I was recently asked to write a poetics statement for an anthology in which my work is being published. In an effort to promote discussion (and for a more timely response to Marjorie Perloff’s “Poetry on the Brink: Reinventing the Lyric” (Boston Review, May/June 2012), I decided to seek out a literary blog with which to share this piece. What follows is a modified excerpt from my statement.
Poetries of Resistance
The national (or even transnational) demand for a certain kind of prize-winning, “well-crafted” poem––a poem that the New Yorker would see fit to print and that would help its author get one of the “good jobs” advertised by the Association of Writers & Writing Programs––has produced an extraordinary uniformity.
—Marjorie Perloff, “Poetry on the Brink: Reinventing the Lyric”
We’ve all heard the cry about MFA programs producing the “McPoem,” but Perloff’s description doesn’t just point fingers, it locates the source of the problem––that uniformity in poetry is produced by a system filled with people who long to become one of the initiated, in hopes of securing these “good jobs,” or at least to be praised by people in such positions. In short, the “well-crafted” poem has achieved a certain exchange rate in the creative economy. Contemporary American poetry has, in a sense, become infected by the drive of capitalism. Higher education, after all, is a business.
That said, I am a graduate of an MFA program, and I can honestly say it helped me determine my poetic sensibility. In observing the poetic development of my peers, I saw many individuals cultivating the aesthetic of the “well-crafted” poem. Of course, there were poets who weren’t interested in this at all, and we became close friends. I came to the program wanting to find myself as a poet––not to piece myself together into a tidy, tame, and marketable superstar that could win the “Yale Younger,” which seemed to be a common goal.
There was one specific moment in graduate school that determined the direction of my work. I was at an MFA theme party where everyone was supposed to dress up as their high school selves. I ended up talking to a drunkenly honest “well-crafted” classmate, who bemoaned the fact he had “lost all [his] connections” and that “the only thing that matters are connections.” His delivery was frightening and monstrous. A poet was actually telling me to my face that he cared more about networking and publishing and success than actually writing a poem he could stand behind. This is not the spirit of the artist; it is the spirit of the businessman.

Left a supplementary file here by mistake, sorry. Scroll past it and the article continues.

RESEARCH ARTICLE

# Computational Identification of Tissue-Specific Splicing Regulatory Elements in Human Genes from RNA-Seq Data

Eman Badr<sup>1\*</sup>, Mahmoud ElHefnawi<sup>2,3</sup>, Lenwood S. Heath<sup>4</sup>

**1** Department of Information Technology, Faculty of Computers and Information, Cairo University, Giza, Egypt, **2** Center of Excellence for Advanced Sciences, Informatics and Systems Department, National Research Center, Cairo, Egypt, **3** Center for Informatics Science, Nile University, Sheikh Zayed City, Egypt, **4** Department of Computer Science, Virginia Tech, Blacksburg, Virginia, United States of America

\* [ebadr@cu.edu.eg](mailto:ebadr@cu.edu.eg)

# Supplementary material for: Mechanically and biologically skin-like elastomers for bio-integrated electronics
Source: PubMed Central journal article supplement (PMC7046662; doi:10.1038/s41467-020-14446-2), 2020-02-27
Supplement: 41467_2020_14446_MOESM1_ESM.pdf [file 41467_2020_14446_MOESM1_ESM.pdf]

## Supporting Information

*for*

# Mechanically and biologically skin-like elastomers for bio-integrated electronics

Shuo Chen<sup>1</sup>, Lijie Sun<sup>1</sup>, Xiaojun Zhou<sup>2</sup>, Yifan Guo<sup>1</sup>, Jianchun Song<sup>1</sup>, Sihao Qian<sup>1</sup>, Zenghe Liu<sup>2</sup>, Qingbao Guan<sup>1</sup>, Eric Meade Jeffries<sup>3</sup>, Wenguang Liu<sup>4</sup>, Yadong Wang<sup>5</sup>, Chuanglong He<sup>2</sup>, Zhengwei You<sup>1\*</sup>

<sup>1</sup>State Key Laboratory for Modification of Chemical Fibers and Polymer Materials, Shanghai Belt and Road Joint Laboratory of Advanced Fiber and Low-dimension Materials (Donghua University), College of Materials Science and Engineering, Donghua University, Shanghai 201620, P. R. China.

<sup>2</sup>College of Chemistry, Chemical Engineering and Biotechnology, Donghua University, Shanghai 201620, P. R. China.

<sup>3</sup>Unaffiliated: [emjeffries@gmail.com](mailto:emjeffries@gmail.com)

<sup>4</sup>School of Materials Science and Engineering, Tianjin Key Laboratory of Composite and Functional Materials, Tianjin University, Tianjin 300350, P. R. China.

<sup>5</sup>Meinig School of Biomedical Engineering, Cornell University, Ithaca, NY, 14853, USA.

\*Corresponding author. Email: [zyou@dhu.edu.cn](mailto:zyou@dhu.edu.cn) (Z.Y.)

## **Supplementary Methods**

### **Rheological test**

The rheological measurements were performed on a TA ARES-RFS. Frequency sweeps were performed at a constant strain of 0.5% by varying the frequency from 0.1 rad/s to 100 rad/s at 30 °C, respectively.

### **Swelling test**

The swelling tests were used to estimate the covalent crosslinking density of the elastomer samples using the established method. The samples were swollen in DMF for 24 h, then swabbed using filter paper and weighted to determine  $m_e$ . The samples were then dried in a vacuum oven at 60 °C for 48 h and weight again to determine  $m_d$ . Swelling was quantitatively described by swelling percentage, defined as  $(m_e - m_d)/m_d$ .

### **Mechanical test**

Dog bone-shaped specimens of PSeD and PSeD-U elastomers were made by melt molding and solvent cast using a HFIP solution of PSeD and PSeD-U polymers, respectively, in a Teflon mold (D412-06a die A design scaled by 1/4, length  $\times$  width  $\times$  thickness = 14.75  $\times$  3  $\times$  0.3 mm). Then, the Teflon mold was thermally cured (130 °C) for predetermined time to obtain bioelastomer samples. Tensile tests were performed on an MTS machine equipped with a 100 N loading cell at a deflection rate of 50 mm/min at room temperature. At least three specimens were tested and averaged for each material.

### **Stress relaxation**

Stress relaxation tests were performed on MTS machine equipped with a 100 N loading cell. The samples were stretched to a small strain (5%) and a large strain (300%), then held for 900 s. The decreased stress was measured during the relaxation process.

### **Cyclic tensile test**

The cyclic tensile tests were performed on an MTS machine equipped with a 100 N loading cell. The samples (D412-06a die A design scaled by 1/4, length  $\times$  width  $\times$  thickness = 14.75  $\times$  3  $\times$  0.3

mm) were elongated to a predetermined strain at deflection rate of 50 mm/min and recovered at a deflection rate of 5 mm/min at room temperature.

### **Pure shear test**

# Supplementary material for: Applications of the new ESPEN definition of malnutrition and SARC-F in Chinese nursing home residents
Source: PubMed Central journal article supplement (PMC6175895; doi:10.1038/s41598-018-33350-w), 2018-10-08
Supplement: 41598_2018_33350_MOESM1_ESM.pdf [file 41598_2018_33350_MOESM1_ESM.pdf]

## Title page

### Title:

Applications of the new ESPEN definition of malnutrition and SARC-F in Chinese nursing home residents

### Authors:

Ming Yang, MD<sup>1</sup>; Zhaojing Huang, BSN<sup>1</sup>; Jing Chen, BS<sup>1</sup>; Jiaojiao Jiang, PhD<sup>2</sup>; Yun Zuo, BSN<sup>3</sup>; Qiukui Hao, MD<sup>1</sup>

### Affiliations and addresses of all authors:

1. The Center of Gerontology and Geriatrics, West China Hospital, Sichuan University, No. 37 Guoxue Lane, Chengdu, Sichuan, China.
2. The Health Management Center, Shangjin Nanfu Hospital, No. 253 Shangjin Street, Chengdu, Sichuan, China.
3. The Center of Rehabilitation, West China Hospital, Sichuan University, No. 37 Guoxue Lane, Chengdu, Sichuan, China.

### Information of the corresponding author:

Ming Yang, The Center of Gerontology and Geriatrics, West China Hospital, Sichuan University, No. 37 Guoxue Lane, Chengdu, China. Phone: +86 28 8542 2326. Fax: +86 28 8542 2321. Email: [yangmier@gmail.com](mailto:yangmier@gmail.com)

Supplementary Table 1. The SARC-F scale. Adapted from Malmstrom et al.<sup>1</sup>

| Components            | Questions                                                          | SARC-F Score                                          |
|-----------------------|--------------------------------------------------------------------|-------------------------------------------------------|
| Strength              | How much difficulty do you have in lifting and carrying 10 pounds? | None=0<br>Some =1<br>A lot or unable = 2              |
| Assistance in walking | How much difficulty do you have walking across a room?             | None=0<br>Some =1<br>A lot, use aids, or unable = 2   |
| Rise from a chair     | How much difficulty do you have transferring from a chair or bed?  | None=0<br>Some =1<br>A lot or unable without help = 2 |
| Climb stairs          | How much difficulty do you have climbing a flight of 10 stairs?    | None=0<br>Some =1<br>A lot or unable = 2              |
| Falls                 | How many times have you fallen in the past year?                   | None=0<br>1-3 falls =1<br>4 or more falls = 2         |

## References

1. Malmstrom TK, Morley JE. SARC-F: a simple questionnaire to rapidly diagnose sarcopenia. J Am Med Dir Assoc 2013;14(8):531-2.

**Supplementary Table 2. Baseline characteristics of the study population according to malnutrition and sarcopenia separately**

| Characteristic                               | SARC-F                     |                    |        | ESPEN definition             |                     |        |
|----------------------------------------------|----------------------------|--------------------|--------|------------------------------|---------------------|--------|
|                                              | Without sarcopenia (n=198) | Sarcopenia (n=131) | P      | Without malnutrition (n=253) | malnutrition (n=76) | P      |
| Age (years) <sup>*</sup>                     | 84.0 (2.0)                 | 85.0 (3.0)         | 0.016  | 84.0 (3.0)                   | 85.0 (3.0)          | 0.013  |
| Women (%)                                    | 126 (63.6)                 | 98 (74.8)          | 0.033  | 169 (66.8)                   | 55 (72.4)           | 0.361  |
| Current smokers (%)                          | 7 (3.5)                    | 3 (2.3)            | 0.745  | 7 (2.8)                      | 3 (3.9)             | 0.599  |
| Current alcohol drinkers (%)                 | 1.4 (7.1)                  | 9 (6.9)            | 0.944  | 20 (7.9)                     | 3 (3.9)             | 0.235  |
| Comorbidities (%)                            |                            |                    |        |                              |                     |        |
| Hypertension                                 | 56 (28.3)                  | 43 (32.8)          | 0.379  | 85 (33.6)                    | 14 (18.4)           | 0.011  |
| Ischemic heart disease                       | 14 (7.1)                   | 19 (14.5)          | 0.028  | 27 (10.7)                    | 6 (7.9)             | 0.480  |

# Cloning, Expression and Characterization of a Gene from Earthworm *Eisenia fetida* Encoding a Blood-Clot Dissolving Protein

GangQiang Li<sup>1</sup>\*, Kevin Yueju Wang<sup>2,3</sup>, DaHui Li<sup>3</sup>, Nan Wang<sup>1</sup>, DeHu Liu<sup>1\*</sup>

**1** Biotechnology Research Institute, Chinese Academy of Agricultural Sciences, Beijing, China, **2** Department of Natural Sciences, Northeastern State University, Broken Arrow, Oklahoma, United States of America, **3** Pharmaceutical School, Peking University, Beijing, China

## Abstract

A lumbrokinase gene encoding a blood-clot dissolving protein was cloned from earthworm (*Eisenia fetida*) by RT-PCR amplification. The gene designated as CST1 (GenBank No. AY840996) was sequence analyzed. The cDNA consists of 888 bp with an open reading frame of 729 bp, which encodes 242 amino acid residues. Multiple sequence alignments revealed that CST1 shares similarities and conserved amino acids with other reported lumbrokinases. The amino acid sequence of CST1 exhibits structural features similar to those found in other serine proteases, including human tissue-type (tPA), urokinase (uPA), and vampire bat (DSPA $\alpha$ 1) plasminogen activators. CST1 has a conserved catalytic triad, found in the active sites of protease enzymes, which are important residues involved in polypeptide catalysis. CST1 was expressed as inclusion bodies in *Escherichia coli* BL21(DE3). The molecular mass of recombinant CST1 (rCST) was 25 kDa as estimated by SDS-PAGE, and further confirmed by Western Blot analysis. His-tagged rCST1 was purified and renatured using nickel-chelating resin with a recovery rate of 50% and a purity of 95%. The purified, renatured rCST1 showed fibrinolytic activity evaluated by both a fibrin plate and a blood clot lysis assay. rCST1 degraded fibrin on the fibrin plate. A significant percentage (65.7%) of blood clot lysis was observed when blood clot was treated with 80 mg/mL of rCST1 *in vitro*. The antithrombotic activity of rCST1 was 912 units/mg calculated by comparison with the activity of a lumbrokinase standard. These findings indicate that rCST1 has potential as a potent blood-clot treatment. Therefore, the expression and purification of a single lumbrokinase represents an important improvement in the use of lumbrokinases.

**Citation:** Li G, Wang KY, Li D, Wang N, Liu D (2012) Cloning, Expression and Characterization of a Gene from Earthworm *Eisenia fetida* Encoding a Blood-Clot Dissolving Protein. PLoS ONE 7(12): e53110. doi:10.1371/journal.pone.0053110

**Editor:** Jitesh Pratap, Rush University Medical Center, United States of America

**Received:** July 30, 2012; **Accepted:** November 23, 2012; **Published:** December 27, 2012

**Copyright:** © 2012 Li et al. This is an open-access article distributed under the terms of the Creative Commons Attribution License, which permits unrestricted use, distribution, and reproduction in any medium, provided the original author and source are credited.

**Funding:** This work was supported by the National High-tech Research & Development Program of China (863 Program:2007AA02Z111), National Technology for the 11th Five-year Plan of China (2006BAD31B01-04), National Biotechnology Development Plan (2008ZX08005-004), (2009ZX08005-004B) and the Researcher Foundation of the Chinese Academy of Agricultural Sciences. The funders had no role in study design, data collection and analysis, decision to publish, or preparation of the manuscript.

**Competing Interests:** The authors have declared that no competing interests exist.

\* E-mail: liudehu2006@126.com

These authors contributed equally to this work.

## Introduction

I agree with Perloff when she states that lyricism has become incredibly uniform. I will take her statement one step further––lyrical language has become, literally, an advertisement of one’s poetic gravitas. We have reached a point in literature where people are utilizing their skill to manufacture a lyricism with the sole purpose of targeting book prizes and selection committees. Like the language of advertising, the contemporary “well-crafted” lyric manipulates, soothes, and empowers its audience (or, more specifically, editors and judges). I wholeheartedly believe poetry cannot move forward into new territory unless there is a unified (but not centralized) resistance to this creative model.
Perloff seems to think that the primary resistance comes in the form of the Conceptual poets (and their “relatives”). This gives those in the establishment (or those sympathetic to their aesthetic) the impression that this is an “establishment” vs. “experimentalist” deathmatch, which results in tired arguments of accessibility, the impenetrability of the avant-garde, and the desire to “expand the audience” of poetry. Marjorie Perloff’s “avant-garde mandate” seems particularly stringent; she fails to address that there are poets with far softer, self-dictated mandates (myself among them) who agree (vocally and/or through their aesthetic) with her sentiments regarding the uniformity of the dominant lyricism. When the resistance to the dominant lyric is recognized as something that concerns a wide variety of poets, the argument shifts from accessibility and audience to the ethics of being a poet in the world. And, ultimately, this is what I mean by there being a necessity for a non-centralized resistance. We must do things on our own terms, and not necessarily according to singular models of what a poem has to be.
Drew Krewer is the author of the chapbook Ars Warholica (Spork Press, 2010) and is founder and co-editor of The Destroyer, an online publication of text, art, and public opinion.